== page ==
The technology part of science. I’m part of a company [that does] home automation and home installation for smart homes. I think it’s an aspect of it for our architect and our designer, that they have to think of the field of the room and how it will change with the climate. So that part interests me. And I like to run a lot so I get to think of the science for my body.

So in that sense do you think now that we say that, is it more a part of your daily life then maybe you would’ve said initially?

Actually yeah probably. A lot more than I actually thought originally.

[At this point Mike Cantlon sits down.]

Mike, when you think about science, what’s the first thing that comes into your mind? 

The very first thing is teaching. That’s the first thing I love—teaching science. Being in a classroom and sharing science with people to me is a wonderful experience. The second thing about science is the controversy over science. It seems to me there’s a whole faction of people that thinks science gets in the way of real information or something. I don’t know what I mean by that exactly except I do know that there’s a whole group of people who think that science will interfere with their belief systems and they don’t want that, so they reject science as a result of the conflict with their belief system.

So you’re thinking about religious belief systems?

Correct. That’s the second thing that comes to my mind.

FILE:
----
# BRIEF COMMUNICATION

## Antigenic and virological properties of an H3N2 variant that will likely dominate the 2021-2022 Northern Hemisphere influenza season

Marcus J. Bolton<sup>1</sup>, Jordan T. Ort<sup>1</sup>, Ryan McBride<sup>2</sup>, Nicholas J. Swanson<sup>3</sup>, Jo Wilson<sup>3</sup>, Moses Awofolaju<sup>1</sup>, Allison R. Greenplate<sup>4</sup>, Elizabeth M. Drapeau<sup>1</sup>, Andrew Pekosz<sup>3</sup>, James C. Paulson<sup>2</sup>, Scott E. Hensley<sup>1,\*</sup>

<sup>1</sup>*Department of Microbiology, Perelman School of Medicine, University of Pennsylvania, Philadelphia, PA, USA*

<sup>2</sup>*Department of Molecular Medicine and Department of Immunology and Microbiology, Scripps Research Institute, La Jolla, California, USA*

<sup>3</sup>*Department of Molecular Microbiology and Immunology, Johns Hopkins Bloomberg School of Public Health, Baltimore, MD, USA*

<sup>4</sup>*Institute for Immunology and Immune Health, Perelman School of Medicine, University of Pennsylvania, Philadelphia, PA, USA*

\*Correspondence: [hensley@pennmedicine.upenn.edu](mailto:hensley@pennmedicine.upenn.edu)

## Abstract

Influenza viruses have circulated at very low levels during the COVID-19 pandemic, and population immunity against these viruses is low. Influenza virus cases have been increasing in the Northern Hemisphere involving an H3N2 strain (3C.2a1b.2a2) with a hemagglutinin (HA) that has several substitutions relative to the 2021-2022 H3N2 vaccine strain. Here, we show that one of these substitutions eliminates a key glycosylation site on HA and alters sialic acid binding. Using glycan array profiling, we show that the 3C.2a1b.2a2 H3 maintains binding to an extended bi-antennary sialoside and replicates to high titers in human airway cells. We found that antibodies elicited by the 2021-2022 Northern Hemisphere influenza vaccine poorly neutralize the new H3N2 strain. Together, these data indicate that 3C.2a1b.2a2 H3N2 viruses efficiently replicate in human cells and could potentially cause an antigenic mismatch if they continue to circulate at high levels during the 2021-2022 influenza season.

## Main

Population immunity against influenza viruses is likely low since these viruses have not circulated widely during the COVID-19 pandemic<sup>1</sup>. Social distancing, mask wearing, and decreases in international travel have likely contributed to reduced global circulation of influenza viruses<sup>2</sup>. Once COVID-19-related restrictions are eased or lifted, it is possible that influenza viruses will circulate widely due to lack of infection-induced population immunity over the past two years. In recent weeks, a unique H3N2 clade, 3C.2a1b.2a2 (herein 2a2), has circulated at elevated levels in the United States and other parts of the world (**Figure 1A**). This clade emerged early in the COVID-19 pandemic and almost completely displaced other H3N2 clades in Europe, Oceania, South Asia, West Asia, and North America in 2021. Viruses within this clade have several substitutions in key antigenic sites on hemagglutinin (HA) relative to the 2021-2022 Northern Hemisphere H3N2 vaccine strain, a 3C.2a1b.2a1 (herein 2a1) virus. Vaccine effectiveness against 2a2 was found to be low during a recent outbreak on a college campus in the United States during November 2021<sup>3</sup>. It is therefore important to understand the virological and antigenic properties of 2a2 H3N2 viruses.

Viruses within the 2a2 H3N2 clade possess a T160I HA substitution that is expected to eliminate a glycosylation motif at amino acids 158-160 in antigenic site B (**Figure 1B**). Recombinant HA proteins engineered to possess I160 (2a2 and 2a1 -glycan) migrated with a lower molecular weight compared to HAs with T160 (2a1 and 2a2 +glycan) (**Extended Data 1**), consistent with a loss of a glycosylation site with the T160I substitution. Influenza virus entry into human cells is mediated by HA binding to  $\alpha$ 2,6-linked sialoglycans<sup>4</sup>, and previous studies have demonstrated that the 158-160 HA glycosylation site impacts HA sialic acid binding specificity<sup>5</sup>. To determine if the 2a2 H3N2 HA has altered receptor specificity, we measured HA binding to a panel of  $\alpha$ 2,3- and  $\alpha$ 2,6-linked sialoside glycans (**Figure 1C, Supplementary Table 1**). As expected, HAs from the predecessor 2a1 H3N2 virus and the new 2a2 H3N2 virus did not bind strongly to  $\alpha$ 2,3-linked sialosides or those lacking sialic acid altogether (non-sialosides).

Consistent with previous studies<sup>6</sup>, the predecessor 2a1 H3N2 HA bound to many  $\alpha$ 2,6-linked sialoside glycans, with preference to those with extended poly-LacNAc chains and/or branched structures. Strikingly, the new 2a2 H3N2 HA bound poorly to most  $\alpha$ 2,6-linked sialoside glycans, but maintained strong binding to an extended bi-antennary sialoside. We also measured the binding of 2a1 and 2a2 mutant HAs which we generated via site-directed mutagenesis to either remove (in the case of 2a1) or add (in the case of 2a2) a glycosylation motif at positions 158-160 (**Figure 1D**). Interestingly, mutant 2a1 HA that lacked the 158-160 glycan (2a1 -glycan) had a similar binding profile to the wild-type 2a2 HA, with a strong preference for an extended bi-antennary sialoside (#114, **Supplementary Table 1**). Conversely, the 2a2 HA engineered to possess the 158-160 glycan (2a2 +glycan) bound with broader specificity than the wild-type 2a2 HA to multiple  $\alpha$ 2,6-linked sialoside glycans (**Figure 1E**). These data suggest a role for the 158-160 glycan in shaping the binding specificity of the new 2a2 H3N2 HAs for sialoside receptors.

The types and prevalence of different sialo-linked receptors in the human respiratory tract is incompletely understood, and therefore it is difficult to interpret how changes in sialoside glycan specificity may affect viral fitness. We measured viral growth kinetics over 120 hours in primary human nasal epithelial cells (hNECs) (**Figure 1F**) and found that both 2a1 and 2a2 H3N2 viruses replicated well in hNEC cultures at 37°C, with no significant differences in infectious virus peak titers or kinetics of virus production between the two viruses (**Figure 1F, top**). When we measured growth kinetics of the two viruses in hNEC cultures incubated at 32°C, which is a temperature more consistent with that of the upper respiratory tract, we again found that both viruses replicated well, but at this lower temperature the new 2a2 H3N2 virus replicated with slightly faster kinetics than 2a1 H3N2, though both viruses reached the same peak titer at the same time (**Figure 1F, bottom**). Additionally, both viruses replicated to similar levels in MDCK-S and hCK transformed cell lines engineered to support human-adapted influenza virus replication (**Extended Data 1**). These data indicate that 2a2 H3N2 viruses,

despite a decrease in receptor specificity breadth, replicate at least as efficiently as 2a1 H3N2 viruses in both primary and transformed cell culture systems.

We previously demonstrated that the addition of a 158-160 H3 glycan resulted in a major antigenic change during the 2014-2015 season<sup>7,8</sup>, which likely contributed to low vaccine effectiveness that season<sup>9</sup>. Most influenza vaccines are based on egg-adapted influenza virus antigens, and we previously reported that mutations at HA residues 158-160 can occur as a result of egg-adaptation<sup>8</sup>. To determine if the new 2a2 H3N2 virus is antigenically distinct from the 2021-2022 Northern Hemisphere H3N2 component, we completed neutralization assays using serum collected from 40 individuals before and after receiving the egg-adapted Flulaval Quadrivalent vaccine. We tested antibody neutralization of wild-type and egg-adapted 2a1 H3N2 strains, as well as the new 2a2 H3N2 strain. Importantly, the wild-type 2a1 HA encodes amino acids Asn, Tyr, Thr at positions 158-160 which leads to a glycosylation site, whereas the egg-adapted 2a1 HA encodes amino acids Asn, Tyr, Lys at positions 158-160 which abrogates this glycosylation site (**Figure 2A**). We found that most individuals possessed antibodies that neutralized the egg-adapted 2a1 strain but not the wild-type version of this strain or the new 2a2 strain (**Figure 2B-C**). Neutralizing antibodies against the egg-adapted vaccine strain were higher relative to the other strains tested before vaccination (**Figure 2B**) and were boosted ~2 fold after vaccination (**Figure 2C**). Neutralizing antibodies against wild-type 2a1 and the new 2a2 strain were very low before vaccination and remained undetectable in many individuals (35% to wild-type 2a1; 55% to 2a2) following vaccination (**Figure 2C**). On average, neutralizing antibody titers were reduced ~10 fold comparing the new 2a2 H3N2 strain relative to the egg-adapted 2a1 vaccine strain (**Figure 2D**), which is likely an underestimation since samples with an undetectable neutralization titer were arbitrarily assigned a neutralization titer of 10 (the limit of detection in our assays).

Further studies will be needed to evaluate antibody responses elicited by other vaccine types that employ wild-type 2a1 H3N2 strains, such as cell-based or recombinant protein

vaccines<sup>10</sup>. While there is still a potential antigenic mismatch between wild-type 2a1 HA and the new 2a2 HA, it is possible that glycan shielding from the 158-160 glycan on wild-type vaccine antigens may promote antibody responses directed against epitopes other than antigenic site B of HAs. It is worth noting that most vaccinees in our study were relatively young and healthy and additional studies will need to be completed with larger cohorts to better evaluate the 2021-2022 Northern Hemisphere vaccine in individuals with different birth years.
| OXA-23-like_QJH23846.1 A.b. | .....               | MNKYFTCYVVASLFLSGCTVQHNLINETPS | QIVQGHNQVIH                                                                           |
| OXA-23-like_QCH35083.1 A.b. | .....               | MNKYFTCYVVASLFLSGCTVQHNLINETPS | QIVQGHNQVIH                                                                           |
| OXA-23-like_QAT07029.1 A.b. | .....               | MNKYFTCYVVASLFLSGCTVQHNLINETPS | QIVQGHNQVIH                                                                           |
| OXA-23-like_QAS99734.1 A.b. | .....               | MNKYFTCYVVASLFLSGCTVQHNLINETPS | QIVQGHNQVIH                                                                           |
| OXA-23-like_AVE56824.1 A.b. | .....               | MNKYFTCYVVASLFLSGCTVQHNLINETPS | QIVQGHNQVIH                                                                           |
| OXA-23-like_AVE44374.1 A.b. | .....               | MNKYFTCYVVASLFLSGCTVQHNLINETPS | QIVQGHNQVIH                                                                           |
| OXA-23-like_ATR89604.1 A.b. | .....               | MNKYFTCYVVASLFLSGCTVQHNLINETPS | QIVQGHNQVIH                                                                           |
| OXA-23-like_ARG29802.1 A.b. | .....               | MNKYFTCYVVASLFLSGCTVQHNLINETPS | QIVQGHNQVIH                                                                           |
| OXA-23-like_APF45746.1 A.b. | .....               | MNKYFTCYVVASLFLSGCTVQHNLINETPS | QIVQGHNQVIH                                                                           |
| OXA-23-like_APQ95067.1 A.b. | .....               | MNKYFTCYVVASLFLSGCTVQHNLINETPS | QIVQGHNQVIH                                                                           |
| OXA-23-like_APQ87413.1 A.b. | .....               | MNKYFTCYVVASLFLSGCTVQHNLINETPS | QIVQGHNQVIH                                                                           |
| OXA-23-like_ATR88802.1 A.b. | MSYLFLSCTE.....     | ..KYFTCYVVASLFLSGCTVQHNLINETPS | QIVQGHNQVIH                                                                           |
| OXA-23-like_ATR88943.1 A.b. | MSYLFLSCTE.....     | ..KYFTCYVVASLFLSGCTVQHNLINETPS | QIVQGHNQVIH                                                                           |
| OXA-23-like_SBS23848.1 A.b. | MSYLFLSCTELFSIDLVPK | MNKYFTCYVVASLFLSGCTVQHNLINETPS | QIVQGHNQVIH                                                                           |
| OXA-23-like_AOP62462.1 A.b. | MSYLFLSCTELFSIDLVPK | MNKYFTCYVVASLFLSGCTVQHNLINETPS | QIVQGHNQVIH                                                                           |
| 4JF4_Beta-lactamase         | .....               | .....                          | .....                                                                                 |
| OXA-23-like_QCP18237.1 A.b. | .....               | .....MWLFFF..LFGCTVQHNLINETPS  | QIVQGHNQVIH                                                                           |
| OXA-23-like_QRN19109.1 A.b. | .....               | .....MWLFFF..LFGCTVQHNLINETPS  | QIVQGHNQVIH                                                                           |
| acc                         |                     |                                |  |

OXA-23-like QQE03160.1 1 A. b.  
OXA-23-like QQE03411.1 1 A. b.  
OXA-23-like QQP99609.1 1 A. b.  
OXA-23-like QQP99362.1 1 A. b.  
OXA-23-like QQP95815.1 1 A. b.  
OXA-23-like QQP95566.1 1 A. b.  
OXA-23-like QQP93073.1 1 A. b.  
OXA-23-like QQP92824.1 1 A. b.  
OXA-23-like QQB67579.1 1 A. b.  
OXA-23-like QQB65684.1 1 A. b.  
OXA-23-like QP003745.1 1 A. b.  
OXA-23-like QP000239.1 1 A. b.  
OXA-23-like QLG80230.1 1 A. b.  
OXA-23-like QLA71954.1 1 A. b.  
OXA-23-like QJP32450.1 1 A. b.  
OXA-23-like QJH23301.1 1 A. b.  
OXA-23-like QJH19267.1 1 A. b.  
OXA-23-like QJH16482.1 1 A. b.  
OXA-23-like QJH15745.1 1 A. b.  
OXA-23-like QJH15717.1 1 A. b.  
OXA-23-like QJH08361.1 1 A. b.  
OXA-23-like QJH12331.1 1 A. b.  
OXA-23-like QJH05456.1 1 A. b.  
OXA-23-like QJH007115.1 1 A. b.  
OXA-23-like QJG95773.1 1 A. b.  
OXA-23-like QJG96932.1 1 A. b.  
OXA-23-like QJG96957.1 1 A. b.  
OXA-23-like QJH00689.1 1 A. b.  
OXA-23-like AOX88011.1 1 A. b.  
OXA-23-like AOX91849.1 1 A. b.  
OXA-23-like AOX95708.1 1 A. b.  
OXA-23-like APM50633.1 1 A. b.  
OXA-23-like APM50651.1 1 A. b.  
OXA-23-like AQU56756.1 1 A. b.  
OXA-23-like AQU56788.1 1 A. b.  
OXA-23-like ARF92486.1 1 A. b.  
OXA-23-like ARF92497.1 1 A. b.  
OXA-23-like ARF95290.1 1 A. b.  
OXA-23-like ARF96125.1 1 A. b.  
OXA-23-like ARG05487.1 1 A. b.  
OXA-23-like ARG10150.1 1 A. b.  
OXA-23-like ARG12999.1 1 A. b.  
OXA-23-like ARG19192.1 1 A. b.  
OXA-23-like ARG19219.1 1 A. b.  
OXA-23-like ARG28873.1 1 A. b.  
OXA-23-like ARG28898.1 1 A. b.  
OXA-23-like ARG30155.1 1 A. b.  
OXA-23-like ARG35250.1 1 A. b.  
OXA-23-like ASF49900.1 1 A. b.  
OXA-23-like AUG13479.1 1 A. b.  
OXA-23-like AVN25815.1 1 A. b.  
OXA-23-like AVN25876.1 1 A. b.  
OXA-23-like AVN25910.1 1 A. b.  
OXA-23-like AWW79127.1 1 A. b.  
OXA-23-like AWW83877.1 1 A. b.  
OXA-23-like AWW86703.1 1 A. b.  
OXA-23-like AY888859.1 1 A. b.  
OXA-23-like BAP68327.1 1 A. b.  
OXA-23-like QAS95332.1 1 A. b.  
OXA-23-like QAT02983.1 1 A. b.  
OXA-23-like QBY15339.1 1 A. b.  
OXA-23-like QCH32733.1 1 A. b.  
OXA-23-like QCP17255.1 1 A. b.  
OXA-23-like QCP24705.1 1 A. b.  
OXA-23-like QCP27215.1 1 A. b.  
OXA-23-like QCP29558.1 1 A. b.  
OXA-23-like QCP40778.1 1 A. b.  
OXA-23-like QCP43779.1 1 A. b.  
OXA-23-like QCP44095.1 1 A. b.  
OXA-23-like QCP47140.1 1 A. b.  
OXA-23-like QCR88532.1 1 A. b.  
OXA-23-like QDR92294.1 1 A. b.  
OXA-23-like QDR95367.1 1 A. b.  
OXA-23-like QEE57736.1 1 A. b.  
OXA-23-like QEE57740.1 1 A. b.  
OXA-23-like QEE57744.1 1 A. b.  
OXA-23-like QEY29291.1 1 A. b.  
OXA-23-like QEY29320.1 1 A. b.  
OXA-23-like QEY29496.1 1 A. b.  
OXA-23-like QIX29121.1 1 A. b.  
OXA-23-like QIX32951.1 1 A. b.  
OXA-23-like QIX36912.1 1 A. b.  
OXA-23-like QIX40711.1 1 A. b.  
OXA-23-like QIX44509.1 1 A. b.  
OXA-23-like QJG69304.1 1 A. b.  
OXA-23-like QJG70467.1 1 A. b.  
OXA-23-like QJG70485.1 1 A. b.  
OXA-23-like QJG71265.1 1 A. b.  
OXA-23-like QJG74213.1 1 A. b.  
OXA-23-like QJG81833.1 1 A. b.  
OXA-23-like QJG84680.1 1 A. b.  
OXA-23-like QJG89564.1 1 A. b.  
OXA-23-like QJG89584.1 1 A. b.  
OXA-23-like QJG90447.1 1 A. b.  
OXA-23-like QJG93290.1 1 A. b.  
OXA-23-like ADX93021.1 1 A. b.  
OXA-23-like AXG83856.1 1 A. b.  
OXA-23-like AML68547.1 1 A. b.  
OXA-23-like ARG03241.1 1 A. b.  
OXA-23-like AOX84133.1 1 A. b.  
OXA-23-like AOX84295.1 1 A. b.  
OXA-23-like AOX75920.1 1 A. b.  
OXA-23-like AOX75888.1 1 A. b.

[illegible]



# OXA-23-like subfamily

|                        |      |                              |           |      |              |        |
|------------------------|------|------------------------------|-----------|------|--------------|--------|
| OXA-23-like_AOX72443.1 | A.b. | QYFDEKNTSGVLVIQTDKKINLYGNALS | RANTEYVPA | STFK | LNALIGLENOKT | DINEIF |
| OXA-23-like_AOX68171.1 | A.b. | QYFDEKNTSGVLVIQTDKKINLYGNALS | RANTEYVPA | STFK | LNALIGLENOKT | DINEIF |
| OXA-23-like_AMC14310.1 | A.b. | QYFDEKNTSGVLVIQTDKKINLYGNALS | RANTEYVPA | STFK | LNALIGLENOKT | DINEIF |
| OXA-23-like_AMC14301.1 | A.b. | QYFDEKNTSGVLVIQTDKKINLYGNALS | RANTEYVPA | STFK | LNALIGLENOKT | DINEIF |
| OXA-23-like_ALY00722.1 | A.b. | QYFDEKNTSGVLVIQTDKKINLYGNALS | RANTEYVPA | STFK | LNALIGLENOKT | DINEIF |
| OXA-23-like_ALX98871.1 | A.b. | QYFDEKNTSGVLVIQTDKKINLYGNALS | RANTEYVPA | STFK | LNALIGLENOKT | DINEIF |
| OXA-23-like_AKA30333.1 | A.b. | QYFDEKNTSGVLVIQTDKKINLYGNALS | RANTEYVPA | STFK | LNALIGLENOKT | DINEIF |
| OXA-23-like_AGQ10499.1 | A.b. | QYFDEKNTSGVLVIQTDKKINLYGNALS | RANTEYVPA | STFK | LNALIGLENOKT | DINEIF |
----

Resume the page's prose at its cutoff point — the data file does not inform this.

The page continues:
Abigail, were you raised with any particular religious or political belief system?

I was raised Episcopalian.

Did an understanding of science ever come into conflict with something that you believed?

Sure, like the age-old—evolution versus not, definitely it’s come up. Maybe not from church, more from just talking about it with friends from classes. Definitely that came up, for sure.

Do you believe in evolution?

I’m actually very back-and-forth about that. I’m not sure if I do. I’m not going to be that person that says, “no I do not”, or, “I definitely do”. I think that I’m 23 years old and I haven’t experienced enough in my life to really pick my side. So I don’t know.

Mike, did you ever have beliefs that were sort of challenged by something that you saw in science and then had to think about where you came down on an issue?

Yeah, I think that I was raised in a very religious family. Yet I don’t remember people saying that evolution doesn’t exist. As an example, evolution, because that seems to be the most controversial issue when it comes down to religion versus science. I don’t remember ever having the conflict in conversation, but I remember believing just avidly in evolution, because that was the only thing that made sense to me. Then as I started working in biology and started getting into single cells and watching and taking a look at what happened, I thought, how can evolution exist? I mean, evolution exists, but how did all this start? Why does all this decide to get together and do what it does? What’s the coordinating principle behind all of that?  So then you start having doubts. 

But here’s the way I respond my students who ask me if I believe in evolution or not. My response is that, yes, I believe in evolution, but I kind of reject the creation versus evolution idea, and the reason is it could be something much more beautiful than all of that. I have no idea what that would be, but I think that at some point we will gain more knowledge, scientific knowledge, and we will discover something magnificent that we didn’t know before. I don’t know. That’s just my thought.